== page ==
Holistic also implies other life areas as well; diet, exercise, leisure, rest, and ArtJournaling. Like Julia Cameron’s Morning Pages from her groundbreaking book The Artist’s Way, art journaling has become something akin to scrapbooking or doodling. It’s an artform all by itself. For more on the value and power of doodling, look up Sunni Brown on TED. But my art journaling (Lessons From My Art Journal) has become a vital tool in remaining holistically ready.
In that journal I make messes and “waste” time and materials. I find out what various media* are able to do. I discover, play, and experiment. I take creative risks, and develop my skills with various media to use them well when making art. Mostly I find ideas that work and develop them toward becoming finished works.
I’ve learned that when I neglect my relationship with God, my health, or my exploration time, I’m not ready; I’m not creatively primed to work on making art.
Oh… and one last thing. I also need my coffee, and great music so we have an espresso machine and a boombox in the studio as inspiration.
Thanks for listening.
*Please help stamp out the misuse of the word mediums. I’m serious. This misuse has become an embarrassing epidemic in the art community. It’s bad enough how few people take us seriously anyway that we don’t need to empower their disdain by this simple mistake. Medium = single art medium (paint or ink or etc.) Media = many art media (paint and ink and etc.) BTW: Mediums are not art supplies, they’re people who predict the future or tell fortunes. Thanks!
While I am fast approaching my 60th birthday, I still feel as though I am as naive as ever; that I just don’t get it, and that I really don’t have anything worthwhile to say. I must try however. I must still struggle, though I may look the old fool. I must still share the good, share the right, and share the solid things I actually do know about. Pastor John Piper once said, “The older I get the less I trust myself to know the answers.” While that’s a paraphrase, it conveys what he meant. It conveys my own sense of self. I too trust my own answers far less and God’s own wisdom far, far more than in the days of my youth.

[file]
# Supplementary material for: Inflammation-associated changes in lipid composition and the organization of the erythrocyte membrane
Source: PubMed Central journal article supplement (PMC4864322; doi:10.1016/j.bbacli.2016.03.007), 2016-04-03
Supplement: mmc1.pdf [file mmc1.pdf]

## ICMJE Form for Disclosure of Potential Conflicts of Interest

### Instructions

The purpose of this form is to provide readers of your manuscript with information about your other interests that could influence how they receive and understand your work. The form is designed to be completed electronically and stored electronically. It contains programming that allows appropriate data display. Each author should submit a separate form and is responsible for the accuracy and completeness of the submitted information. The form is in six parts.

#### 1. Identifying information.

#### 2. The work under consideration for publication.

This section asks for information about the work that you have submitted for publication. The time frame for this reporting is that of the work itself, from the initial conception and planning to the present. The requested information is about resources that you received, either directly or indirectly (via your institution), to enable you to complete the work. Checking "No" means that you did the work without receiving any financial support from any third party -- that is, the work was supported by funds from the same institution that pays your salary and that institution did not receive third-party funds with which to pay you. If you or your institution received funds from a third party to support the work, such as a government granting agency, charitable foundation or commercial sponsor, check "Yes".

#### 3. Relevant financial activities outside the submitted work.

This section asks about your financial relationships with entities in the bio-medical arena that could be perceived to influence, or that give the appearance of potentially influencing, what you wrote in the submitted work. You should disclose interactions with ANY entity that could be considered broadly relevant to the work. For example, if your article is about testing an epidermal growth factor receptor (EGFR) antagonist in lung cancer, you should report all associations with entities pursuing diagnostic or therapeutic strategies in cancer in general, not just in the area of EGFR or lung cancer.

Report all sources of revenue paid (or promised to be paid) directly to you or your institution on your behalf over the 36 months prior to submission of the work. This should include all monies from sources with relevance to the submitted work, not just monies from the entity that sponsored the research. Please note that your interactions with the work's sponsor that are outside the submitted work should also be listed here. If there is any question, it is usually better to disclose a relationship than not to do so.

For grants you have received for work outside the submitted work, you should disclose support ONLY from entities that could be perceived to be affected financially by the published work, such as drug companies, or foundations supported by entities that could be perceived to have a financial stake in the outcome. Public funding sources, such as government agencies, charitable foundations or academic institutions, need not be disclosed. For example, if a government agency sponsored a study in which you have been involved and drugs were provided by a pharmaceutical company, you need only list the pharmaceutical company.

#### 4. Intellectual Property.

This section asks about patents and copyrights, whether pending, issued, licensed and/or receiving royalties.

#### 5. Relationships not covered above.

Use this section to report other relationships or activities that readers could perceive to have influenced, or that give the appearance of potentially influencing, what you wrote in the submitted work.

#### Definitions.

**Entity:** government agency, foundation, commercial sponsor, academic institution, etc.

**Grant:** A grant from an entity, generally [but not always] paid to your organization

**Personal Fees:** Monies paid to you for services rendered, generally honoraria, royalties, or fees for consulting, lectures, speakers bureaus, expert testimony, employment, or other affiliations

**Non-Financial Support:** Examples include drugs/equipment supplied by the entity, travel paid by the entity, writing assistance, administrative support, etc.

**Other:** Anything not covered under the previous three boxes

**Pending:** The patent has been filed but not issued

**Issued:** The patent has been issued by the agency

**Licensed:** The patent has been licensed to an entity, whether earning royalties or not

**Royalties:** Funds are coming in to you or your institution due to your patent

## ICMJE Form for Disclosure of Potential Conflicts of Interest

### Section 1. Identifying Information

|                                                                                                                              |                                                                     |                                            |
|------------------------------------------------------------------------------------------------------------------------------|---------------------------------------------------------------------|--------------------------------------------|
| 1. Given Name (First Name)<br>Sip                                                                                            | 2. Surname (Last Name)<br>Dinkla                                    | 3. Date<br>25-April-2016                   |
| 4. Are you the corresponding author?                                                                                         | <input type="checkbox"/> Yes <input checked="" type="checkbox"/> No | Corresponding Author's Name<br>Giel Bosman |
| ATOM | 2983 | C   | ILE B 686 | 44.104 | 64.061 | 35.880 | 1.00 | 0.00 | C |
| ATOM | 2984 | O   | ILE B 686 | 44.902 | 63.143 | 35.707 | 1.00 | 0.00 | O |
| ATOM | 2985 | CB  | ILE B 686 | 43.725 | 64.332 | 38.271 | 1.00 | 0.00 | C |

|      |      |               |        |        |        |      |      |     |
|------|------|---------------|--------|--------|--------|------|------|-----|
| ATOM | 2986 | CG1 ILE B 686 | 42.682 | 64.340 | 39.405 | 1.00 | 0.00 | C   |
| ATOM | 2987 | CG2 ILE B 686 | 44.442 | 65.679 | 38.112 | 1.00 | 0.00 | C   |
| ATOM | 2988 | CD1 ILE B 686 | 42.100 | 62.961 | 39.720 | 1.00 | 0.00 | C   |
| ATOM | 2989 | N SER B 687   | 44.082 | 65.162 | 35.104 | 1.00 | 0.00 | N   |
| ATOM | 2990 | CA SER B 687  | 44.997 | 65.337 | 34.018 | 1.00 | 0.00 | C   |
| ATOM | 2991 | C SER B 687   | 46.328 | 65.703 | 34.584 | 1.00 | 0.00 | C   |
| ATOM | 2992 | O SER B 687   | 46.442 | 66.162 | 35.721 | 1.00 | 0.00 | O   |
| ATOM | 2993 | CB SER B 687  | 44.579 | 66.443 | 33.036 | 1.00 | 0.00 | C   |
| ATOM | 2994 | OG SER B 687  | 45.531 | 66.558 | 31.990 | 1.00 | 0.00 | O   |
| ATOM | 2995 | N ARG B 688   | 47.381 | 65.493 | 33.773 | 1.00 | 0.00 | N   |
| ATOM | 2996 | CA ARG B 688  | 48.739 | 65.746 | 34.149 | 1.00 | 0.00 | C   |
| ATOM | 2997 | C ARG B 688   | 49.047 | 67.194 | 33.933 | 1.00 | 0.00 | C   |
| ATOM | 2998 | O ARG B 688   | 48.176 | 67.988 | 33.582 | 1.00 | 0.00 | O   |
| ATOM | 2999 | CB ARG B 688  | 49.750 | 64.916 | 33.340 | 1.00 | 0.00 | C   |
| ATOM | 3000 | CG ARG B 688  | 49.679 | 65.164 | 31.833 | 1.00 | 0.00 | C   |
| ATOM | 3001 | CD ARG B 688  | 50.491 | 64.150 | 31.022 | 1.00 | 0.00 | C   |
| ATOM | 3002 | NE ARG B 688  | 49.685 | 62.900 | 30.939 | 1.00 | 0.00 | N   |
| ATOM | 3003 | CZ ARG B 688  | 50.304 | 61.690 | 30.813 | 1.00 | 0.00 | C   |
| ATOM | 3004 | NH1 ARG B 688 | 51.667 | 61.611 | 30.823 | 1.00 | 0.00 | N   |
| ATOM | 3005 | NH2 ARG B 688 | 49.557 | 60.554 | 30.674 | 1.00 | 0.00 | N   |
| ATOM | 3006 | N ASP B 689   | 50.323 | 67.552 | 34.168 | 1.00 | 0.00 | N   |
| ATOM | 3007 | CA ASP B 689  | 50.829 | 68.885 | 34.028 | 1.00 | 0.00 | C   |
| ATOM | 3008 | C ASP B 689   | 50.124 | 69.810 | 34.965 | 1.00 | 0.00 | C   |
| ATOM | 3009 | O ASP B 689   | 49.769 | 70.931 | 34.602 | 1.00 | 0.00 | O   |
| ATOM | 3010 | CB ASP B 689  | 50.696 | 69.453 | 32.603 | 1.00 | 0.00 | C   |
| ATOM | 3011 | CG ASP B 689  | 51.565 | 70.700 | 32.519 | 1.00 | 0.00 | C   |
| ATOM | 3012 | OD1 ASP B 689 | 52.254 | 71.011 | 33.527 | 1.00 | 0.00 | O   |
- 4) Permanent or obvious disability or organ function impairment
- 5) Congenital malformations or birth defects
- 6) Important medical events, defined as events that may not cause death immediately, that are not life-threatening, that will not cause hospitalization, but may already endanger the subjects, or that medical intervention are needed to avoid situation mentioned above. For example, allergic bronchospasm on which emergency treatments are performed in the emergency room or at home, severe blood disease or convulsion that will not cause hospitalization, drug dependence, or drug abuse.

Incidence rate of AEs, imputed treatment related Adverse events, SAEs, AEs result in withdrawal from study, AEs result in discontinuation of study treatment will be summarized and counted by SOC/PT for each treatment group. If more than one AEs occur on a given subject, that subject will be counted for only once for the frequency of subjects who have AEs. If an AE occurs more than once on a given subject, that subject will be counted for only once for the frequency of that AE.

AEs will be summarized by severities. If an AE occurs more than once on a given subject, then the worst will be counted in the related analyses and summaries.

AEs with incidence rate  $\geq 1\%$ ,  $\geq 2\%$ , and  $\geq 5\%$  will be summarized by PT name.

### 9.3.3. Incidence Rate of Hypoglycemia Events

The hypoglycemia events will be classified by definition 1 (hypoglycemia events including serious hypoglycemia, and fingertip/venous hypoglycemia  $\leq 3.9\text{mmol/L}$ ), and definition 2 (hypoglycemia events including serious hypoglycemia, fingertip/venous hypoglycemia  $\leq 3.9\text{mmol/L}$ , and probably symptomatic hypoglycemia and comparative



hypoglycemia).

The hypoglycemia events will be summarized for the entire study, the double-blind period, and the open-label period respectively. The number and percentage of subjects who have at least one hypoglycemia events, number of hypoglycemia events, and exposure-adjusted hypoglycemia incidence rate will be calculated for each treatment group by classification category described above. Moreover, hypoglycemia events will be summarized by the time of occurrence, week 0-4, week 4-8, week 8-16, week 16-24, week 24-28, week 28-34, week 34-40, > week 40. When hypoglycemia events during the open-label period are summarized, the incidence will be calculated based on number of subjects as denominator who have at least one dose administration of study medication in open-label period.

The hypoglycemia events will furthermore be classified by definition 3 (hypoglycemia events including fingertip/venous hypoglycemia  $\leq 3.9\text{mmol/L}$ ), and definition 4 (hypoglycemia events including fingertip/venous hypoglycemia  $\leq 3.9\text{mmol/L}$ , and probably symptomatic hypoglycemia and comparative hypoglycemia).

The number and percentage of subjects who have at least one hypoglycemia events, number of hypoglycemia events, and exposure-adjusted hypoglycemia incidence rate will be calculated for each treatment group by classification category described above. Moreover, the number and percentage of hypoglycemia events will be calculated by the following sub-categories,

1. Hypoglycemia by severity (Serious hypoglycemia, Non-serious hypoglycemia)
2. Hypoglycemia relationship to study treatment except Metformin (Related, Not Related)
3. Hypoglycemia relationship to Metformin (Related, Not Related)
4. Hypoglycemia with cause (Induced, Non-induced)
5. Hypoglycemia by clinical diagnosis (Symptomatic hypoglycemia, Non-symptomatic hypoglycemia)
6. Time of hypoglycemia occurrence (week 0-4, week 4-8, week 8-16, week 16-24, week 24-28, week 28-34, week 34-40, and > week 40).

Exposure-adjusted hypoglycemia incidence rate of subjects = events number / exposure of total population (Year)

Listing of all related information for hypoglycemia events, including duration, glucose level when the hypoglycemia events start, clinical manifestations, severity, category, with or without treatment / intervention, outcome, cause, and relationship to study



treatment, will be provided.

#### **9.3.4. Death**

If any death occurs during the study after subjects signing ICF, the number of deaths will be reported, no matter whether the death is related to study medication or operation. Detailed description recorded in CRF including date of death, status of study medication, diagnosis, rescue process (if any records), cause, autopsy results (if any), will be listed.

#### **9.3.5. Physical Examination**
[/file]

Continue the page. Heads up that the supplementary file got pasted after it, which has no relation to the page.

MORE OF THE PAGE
Who am I that I have answers for others? At best I can only point toward the truth of a matter realizing that anything I convey may be accepted or not. It’s a free-will thing, as it ought to be. Who am I that I have answers for others? That’s God’s job. At best I am merely a devoted messenger, who, even then, may not fully comprehend the message I carry to whomever it is to be given.
That’s why I make art. That’s why I cling incessantly to the presence of the living God, for if I have no real answers for others, where are my own answers for me? It’s a matter of realizing that I’m a servant of God, and not God Himself. It’s a matter of letting go of the belief that anything I could do might remedy the need(s) in the life of another. It’s the realization that the Earth and all its people are God’s project, not mine. It’s a matter of fully surrendering to the task of dealing with the beam in my own eye, instead of the dust in another’s.
That is why I make art. That is why I cling to God in my inmost being, that I might grow into someone whose use, value, purpose, and worth rest in living out God’s divine plan for my life; surrendered, yet ever alert for His instruction(s), counsel, and guidance. He is the one and only reason I swing my feet out of bed in the morning, and in an act of faith and serendipity, rising to meet the purpose(s) of the day.
Who am I that I should have plans or schemes for “success”, or ambitions for “advancement”, when my Lord has already laid these out for me before the world was even made? I’ve come to accept that the best laid plans, plans to prosper, to fulfill my best purpose(s), to become all He has designed me to be in His service, come not from me and my own mind, but from Him who made me. That is why I write (pray) in my journals.